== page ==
Typhoon Morakot slammed into Taiwan overnight, pounding the nation with strong winds and downpours. Southern Taiwan in particular was drenched with more than 1,500mm of rainfall that submerged houses and streets.
The typhoon made landfall in Hualien County late on Friday night, unleashing powerful winds that swayed high-rise buildings, and uprooted trees and road signs in many places. With a radius of 250km and packing maximum winds of 119kph, the typhoon had weakened considerably by the time the eye hit the Hualien coastline at 11:50pm on Friday and was downgraded to a tropical storm yesterday afternoon as it moved north-northwestward away from Taiwan, the Central Weather Bureau (CWB) said.
Forecasters, however, warned the public to guard against torrential rain, which they said would continue nationwide for days to come.
The torrential rain, coinciding with the monthly high tide along the coastline of southern Taiwan, triggered flooding in a number of areas.
At 9pm yesterday, Pingtung County’s Wei Liao Mountain (尾寮山) topped the nation with 2,051mm of rainfall since Thursday, the CWB said. Other areas in the county such as Chiatung (佳冬) and Wen-feng (塭豐) saw floods that reached two stories deep.
TV footage showed torrential downpours had submerged houses and streets in the county, cutting off electricity and phone services.
“The flood started this morning and the water is more than two stories high in most places,” said a policeman from Chiatung Township, one of the worst-hit areas in Pingtung. It is home to 10,000 people
Five major bridges in the county have been closed to traffic and roads leading to mountainous regions have also been closed because of landslides.
There was also flooding in many districts of Kaohsiung City, with the areas adjacent to Sizihwan (西子灣), Love River (愛河) and Chienchen River (前鎮河) heavily affected. The water level rose knee-high in some streets in the Chienchen District (前鎮).
Dozens of homes were flooded in Taimali Township (太麻里) in Taitung. Residents of five villages in Taimali evacuated their homes and 40,000 households had no power.
Mudslides were reported in mountainous areas in the counties of Nantou, Pingdong and Taitung, forcing the closure of some bridges during the storm.
At its peak strength on Friday, the storm caused power outages for 896,833 households and electricity grid workers had to brave strong winds and heavy rain to fix the power system, Taiwan Power Company said. At noon yesterday, 163,075 households were still without power, the company said.
The storm also wreaked havoc on air and sea transportation, forcing airlines and shipping companies to cancel all outbound flights and marine services until yesterday noon. By yesterday afternoon, about 80 percent of domestic and international flights had resumed.
A 67-year-old woman died late on Friday when she drove her motorcycle into a ditch during heavy rain in southern Kaohsiung County, the National Fire Agency said in a statement on its Web site.
A 47-year-old man slammed his car into a train in torrential rain in Ilan County late on Friday and died on the spot. Four people were missing and feared dead, the National Fire Agency said, adding that two were fishermen whose boat capsized off the coast of Pingtung County.
Another man who was fishing onshore in Taitung County fell into the sea and has not been recovered, the agency said. A villager, also in Taitung, set off on a fishing expedition early on Friday as the storm approached, but no one has been able to contact him since, it said.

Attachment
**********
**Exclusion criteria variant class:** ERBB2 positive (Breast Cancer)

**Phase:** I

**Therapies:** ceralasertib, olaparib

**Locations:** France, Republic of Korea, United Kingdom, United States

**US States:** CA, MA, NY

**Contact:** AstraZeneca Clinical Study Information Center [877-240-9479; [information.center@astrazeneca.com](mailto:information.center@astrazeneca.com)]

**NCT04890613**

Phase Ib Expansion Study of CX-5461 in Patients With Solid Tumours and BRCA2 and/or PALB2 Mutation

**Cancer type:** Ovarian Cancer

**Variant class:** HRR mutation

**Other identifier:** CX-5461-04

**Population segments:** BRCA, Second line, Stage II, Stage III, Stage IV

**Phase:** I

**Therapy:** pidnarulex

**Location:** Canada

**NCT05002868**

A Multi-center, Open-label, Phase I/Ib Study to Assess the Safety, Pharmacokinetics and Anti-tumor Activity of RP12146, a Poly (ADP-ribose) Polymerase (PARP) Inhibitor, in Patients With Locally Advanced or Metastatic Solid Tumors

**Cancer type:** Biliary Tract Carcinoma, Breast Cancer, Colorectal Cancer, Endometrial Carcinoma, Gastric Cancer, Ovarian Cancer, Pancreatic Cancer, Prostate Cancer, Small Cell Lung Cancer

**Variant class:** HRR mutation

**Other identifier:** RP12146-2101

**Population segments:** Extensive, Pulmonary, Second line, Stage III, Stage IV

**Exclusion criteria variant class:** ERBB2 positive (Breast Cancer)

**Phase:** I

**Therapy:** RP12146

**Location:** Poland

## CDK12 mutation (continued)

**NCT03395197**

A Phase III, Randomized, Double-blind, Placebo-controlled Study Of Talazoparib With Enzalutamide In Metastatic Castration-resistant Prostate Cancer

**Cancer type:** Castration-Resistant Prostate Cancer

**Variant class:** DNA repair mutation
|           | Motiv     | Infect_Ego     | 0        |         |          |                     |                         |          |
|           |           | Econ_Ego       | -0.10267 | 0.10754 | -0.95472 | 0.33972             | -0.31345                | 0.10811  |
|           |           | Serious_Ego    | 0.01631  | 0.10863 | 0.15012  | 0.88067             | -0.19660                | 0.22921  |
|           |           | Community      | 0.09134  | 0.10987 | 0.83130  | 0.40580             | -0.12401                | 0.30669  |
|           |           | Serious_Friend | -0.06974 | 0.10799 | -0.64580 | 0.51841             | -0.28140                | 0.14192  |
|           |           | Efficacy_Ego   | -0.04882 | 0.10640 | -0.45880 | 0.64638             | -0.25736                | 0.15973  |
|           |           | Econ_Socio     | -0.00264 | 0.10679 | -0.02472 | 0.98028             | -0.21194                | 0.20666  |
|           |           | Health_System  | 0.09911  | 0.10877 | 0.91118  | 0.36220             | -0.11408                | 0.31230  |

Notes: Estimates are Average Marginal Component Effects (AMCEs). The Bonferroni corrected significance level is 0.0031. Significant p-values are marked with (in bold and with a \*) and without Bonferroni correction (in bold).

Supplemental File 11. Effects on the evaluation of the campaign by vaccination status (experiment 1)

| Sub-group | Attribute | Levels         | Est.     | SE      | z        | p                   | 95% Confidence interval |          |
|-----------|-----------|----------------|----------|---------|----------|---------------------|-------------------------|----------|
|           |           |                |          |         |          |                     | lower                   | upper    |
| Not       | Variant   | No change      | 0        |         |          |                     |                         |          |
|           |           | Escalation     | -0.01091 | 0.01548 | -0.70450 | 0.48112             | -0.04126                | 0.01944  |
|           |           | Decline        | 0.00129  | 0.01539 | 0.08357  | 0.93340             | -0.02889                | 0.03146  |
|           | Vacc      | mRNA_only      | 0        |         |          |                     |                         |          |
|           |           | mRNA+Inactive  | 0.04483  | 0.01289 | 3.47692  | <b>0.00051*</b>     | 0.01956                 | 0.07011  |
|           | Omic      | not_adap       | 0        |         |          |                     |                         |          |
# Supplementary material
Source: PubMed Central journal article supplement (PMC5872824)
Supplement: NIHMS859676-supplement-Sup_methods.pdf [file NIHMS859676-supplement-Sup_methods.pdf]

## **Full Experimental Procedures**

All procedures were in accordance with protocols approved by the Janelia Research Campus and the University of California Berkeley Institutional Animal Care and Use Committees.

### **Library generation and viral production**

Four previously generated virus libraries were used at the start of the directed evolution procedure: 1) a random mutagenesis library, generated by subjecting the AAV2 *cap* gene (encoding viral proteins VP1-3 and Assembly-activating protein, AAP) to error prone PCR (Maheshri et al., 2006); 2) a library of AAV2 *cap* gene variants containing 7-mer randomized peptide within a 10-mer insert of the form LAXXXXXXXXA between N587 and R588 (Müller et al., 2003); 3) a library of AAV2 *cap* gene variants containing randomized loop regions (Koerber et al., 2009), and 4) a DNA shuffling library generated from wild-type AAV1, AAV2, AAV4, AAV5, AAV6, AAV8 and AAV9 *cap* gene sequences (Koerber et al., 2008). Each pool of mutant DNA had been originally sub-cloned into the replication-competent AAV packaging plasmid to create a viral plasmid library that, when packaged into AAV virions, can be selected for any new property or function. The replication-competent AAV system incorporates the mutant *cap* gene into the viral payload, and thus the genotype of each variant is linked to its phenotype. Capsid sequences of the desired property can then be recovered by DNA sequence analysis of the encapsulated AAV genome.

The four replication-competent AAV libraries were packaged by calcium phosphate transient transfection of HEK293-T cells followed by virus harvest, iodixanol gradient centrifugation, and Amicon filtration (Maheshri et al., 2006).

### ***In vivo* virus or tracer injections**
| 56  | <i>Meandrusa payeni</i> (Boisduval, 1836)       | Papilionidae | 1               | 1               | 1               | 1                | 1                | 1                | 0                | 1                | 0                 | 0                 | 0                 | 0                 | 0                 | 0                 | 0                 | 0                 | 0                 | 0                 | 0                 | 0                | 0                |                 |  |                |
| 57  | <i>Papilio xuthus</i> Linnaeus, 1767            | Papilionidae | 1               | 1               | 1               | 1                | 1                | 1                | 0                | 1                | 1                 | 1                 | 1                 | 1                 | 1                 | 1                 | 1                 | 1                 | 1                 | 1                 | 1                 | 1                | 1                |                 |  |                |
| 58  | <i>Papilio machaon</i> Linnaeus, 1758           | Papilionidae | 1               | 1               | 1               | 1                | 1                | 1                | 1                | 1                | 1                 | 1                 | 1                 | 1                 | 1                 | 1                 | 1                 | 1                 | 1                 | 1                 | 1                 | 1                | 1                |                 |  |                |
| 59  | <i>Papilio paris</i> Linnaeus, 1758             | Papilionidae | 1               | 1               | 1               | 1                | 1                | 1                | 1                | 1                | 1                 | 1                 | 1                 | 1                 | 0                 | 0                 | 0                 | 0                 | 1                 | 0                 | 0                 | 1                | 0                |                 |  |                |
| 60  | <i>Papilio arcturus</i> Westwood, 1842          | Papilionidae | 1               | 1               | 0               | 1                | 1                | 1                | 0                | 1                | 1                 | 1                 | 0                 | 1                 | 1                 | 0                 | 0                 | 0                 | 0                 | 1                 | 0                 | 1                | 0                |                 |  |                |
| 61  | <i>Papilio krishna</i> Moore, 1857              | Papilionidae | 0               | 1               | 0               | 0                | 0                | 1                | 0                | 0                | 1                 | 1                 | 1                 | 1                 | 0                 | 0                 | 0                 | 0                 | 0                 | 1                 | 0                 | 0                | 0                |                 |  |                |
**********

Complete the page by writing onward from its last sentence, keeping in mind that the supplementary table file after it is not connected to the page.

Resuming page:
National Taiwan Normal University yesterday issued a press release saying that a group of five people, two of its students and three alumni, who were scheduled to descend Dabajian Mountain (大霸尖山) yesterday, remained missing.
Two policemen were trapped on a power line pole for more than three hours when they tried to rescue residents of Taitung’s Taiho Village (太和), who were reportedly stuck in their houses because of flooding, the Central Disaster Emergency Operation Center said.
Before the approach of Typhoon Morakot, at least four counties had begun rationing water. But as of yesterday morning, Shihmen Reservoir in Taoyuan County, which was almost half empty last week, had to open its floodgates as Morakot had filled it up in just one day.
The Council of Agriculture (COA) said that at 3pm yesterday, the nation had sustained NT$832 million (US$25.4 million) in losses in crops, animal stocks, fish, forestry and agricultural equipment.
The highest loss came from crops, with bananas particularly hard-hit, the COA said, as more than 11,145 hectares of farmland had been hit by the typhoon.
Kaohsiung, Pingtung and Hualien counties met guidelines for the Agricultural Natural Disaster Relief Regulations (農業天然災害救助辦法), the COA said, adding that farmers in the county were eligible for cash relief funds and low-interest mortgages.
The Ministry of Finance (MOF) said yesterday that tax payers could claim deductions for property damaged by Typhoon Morakot once they had proper documentation.
Property owners are eligible to file their tax deduction applications with local tax offices within 30 days and must attach detailed reports of the damage and legal verification of ownership, the MOF said.
Once the applications have been approved by tax officials, who are required to conduct on-site inspections, property holders and business owners can list their damaged commodities or products for tax deductions when they file their income or business tax returns next year, it said.
A wide range of personal property such as private cars, scooters, houses and land damaged by Morakot are included on the list of tax deductible items, MOF officials said. Deduction rates vary, they said.
ADDITIONAL REPORTING BY SHIH HSIU-CHUAN
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